KinectToPin - AutoZ 1

KinectToPin - AutoZ 2

The little expression I came up with this morning turns the same character with the same mocap data into the guy on the right.

Keep in mind this is an experimental feature and at the moment only works for camera-facing characters. It won’t be added to the UI Panel until I’ve worked out the necessary layer space transforms and a couple bugs. In the meantime, if you’d like to try it out, do the following: The new code will be added to the UI Panel shortly, but if you’re eager to try it out, here it is:

In the 3D template, set this as the “mocap” layer’s position expression:

mocap = thisLayer;
try{cam = thisComp.activeCamera;}catch(err){ cam = mocap};
torso = mocap.effect("torso")("3D Point");
tW = mocap.toWorld(torso);
fW = cam.fromWorld(tW);

I swear, it seems like the main thing I’ve been doing for the last year and a half is finding ways to make people’s heads stop flying off. This is yet another.

Timeline Sample 01

Sneak peek at Yearspace: A timeline-building script for After Effects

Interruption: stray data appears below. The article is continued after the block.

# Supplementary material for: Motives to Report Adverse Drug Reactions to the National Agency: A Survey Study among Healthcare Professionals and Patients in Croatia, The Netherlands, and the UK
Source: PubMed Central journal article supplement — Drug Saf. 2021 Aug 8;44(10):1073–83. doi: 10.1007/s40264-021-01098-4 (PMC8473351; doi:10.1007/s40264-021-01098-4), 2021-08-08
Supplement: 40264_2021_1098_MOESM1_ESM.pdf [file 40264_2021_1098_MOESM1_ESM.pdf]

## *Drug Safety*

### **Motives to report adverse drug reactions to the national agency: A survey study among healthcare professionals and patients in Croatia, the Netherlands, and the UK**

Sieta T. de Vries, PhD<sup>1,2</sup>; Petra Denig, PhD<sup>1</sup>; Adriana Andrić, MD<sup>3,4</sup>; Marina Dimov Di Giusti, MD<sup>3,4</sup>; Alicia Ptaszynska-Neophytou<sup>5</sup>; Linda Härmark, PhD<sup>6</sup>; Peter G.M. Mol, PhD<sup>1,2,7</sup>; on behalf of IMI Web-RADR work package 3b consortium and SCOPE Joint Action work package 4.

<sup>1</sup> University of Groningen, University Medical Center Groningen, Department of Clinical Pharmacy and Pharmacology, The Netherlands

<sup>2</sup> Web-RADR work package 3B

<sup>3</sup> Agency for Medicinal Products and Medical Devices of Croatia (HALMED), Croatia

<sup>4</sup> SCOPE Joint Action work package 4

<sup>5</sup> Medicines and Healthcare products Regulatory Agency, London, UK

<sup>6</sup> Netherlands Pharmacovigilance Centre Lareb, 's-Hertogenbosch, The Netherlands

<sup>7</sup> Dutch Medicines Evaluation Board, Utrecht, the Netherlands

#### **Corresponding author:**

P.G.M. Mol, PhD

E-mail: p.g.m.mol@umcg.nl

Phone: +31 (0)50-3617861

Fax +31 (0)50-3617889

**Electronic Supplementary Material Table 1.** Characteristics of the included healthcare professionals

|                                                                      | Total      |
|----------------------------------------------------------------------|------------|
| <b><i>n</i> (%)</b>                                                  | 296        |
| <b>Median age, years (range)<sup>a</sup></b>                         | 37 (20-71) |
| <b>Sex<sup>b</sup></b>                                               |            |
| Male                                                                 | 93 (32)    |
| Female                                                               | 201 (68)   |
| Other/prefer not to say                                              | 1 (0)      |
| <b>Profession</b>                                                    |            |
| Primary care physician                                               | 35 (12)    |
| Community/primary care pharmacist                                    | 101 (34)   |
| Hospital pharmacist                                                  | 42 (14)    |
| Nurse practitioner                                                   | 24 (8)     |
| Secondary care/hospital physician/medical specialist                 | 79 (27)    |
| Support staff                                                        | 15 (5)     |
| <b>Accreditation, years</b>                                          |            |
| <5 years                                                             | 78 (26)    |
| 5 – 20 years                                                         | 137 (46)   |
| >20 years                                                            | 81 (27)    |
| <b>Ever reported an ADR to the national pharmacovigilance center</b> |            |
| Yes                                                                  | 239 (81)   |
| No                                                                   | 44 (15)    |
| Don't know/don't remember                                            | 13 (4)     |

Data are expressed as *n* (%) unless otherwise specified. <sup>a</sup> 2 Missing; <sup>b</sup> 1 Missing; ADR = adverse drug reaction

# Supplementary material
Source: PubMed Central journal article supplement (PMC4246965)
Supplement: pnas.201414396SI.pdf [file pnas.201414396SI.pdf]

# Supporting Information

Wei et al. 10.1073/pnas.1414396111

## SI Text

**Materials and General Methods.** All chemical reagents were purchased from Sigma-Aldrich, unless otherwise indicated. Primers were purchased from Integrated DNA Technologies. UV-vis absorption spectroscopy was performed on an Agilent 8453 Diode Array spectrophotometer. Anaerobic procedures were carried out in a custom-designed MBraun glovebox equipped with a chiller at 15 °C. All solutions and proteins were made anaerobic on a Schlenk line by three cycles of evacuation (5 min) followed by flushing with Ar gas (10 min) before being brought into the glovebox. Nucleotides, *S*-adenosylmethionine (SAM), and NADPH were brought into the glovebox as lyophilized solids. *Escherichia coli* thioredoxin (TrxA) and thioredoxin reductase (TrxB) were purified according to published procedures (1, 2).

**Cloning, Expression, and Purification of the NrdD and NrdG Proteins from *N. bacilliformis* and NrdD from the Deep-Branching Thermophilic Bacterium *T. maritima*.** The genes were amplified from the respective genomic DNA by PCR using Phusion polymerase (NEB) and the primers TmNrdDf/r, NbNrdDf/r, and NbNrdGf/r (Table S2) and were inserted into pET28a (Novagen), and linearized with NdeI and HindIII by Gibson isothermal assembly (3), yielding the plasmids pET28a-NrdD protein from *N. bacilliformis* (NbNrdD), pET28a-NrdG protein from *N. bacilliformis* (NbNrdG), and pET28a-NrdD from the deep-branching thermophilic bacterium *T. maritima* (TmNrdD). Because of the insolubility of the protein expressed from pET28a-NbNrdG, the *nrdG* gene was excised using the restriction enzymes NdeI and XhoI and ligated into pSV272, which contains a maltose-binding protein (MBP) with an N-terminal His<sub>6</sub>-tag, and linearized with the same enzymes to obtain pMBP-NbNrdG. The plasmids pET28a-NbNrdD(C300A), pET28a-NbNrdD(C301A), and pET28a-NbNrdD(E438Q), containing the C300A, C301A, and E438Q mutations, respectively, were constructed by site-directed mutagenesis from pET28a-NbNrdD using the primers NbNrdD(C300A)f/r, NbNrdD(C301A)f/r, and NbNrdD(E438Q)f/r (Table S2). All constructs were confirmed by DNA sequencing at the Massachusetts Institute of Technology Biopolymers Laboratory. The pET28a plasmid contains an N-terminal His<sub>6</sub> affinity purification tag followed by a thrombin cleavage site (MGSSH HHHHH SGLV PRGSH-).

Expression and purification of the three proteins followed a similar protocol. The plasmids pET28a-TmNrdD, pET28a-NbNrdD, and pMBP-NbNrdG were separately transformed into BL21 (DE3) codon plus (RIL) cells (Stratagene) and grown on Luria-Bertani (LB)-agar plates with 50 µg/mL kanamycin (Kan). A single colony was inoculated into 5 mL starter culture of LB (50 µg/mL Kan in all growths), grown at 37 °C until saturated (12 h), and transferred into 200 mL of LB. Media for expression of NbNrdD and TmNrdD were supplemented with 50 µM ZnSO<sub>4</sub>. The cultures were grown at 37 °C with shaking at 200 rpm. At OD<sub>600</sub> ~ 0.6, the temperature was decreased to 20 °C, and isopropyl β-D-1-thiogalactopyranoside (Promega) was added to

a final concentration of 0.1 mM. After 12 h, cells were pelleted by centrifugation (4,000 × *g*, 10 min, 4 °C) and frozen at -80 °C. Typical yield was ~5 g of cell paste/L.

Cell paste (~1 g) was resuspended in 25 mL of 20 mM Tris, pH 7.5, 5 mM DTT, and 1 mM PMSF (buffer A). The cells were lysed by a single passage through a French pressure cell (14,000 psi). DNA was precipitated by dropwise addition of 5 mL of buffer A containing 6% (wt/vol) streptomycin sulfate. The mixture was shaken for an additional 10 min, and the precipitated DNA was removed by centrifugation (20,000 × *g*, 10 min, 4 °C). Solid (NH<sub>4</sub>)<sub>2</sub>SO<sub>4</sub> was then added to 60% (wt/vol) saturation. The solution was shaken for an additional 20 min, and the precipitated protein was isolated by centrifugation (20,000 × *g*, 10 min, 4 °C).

I’ve been working on a new After Effects script (probably going to end up as a UI Panel, actually) designed to automate the process of building an animated timeline. Before you get too confused: when I say “timeline” I mean “a graphic display of years of history” not the program timeline. I work on a lot of history documentaries, and being able to snap things to years should make life a lot easier.

If the only thing you do is give it a start and end year, you get:

  • Year, decade and/or 5-year tick marks
  • Year and decade text labels (with optional BCE labels if you need to go back that far!)
  • A snazzy controller null that lets you zoom through the whole timeline without leaving the frame window
  • Display settings so you can resize elements for different looks, offset the ends of the timeline from the edges of the screen, and switch between center and bottom aligned tick marks

…and all you have to do is type in two numbers!

But wait, there’s more! Once you’ve created a timeline, there are a bunch more fun things you can add to it:

  • Eras — screen-height regions that span a set of years. You can add section headers and set images or video as backgrounds
  • Events — flag important events and have them automatically snap to the year they happened
  • Link any layer to a year in time and have it stay in place — even if you change the start or end dates
  • Auto-fade out the smaller details when you zoom out for a wider view

Would you use a tool like this? Any other features on your wishlist?